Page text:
The devastation from the Sichuan earthquake was immense; the recovery, impressive.

Four years ago on May 12, 2008, the world was stunned by the news of an 8-magnitude massive earthquake that struck Wenchuan of Sichuan Province and affected, in total, ten provinces in Southwestern Ch

Samoa after the disaster: The wave of fire and the kid called Tsunami

Aleta Moriarty's picture

In June 2009 Samoa was the set for the popular TV program Survivor. It was a fantastic choice. It is one of those picture-perfect places–shady palms, trees dripping with fruit, blossoming hibiscus, all framed by powder sand beaches. It is a vastly understated paradise.

A few months later, the country was once again centre stage. This time for something utterly distressing and heart-breaking as the country embarked on the harrowing search for real life survivors after they were struck by a powerful tsunami on 29 September 2009.

Galu afi means “wave of fire” and is the traditional Samoan word used to describe a tsunami. It describes the force that gains momentum as the wave generates and the sheer destruction that it brings to bear. That is what happened here.

The earthquake that changed the world forever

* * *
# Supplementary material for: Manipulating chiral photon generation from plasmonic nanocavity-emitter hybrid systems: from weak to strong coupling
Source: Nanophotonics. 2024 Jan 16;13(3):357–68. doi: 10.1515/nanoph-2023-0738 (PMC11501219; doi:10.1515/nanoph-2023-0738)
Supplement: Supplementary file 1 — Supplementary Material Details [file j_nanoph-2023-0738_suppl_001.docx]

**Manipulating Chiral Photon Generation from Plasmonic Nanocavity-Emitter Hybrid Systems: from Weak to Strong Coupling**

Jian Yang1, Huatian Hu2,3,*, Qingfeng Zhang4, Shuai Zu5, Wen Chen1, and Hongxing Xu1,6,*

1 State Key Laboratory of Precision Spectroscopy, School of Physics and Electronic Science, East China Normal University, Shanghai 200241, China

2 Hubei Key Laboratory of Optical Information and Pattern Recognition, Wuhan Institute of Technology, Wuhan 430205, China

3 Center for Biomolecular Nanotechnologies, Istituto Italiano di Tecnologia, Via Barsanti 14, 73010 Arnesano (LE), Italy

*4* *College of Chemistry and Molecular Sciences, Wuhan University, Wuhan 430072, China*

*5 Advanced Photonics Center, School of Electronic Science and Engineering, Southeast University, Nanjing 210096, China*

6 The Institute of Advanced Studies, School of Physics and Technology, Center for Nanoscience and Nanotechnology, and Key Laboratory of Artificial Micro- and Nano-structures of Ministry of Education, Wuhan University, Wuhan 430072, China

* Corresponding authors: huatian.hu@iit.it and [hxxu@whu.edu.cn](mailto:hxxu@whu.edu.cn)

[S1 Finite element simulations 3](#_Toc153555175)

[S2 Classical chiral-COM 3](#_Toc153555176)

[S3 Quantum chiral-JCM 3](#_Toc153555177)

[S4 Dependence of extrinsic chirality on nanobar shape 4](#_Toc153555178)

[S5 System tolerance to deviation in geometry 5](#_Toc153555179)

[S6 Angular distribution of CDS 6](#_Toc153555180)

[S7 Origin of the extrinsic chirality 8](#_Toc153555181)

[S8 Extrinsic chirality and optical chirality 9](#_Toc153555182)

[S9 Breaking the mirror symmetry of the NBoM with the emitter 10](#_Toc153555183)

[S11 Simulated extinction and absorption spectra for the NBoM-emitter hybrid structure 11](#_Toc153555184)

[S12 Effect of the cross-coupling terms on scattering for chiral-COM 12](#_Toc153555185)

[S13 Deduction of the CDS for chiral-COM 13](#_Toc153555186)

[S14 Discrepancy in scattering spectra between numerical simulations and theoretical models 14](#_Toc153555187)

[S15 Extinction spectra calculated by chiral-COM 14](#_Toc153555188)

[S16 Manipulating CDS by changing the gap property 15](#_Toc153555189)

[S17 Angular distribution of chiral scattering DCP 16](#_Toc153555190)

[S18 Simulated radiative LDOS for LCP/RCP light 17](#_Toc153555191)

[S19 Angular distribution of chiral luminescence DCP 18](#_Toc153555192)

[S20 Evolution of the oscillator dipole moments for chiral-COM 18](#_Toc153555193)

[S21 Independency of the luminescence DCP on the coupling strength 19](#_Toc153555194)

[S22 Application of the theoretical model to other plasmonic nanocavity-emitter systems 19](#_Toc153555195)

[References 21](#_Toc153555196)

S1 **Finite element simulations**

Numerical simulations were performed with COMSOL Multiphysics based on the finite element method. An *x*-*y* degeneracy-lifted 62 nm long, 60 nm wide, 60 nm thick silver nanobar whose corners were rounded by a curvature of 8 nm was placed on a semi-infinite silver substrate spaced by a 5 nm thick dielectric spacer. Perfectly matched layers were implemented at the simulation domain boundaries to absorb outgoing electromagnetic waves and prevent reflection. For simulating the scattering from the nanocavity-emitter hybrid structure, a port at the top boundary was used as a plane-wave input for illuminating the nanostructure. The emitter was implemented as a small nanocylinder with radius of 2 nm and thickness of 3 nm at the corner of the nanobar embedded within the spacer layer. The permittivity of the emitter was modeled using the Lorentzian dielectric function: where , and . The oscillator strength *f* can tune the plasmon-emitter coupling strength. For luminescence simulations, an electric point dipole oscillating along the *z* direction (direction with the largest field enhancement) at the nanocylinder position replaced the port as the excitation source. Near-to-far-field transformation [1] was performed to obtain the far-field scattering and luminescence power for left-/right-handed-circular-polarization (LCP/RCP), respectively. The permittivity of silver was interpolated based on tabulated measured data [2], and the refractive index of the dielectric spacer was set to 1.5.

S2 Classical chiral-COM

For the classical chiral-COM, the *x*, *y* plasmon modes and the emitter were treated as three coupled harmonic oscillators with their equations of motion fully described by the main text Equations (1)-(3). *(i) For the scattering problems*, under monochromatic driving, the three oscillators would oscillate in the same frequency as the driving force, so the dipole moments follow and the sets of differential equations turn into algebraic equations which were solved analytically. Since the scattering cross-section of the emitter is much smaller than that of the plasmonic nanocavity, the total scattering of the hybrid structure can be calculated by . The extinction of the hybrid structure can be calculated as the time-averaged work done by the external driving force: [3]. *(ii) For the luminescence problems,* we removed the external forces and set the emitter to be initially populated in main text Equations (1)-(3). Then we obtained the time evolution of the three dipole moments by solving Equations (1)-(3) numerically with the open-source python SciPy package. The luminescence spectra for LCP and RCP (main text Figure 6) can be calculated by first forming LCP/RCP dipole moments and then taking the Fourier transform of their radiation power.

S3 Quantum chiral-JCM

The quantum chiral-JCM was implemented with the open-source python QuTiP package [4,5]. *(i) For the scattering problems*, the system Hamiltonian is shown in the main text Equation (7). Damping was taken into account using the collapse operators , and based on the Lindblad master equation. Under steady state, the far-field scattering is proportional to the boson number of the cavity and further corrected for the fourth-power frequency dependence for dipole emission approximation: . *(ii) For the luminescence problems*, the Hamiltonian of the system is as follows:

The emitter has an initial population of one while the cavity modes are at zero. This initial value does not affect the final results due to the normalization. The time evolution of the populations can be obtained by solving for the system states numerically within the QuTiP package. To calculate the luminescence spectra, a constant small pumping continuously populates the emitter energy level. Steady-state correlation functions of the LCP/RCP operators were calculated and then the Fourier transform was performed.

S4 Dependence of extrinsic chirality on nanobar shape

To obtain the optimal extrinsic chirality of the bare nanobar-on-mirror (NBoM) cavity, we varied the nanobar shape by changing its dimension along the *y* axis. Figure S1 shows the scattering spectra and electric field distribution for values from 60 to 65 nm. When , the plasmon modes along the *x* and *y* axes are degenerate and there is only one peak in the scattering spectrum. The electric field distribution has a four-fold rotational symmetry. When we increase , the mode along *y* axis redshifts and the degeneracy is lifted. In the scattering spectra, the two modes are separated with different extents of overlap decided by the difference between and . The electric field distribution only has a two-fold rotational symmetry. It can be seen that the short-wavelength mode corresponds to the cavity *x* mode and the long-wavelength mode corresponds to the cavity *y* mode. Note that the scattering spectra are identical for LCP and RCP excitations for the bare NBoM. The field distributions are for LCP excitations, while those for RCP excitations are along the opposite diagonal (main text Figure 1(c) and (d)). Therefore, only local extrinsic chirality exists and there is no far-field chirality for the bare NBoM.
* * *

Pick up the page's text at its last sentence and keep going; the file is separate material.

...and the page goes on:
Abhas Jha's picture

The Japanese phrase “Shikata ga nai (仕方がない)  -loosely translated as "it can't be helped" -captures the essence of the resilience and sense of duty towards one’s community that the Japanese people displayed in the aftermath of the Great East Japan Earthquake and Tsunami.

Live web chat - How can cities prepare for and manage floods?

Claudia Gabarain's picture

Copyright Gideon MendelFloods are the most frequent among all natural disasters. In 2010 alone, 178 million people globally were affected by floods. More than 90 % of the global population exposed to floods lives in Asia.

 

Seven years on: Remembering the tsunami in Aceh, Indonesia

David Lawrence's picture

Also available in Bahasa

The number just kept getting bigger and bigger. At first it was a staggering 13,000. The next day, over 25,000. And then, 58,000. By the end of the week, on January 1st, 2005, the death toll of the Asian Tsunami had reached 122,000. Yet the number kept climbing, and nobody knew when it would stop. 

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Shoe molds and scuba divers: How natural disasters affect our supply chains

Thomas Farole's picture
Photo courtesy of ianmyles through a Creative Commons license

Available in ภาษาไทย

Like the massive earthquake in Japan earlier this year, the floods in Thailand are again exposing the vulnerabilities of fragmented global supply chains.

Last month, a team of economists from the World Bank’s International Trade Department encountered some flooding side-effects during a visit to the Indonesian production site for ECCO, a Danish company that manufactures footwear. In order to transfer production to the factory in Indonesia, the workers needed the specific shoe molds used in the Thai factory. But there was a problem: The Thai factory was under three meters of water.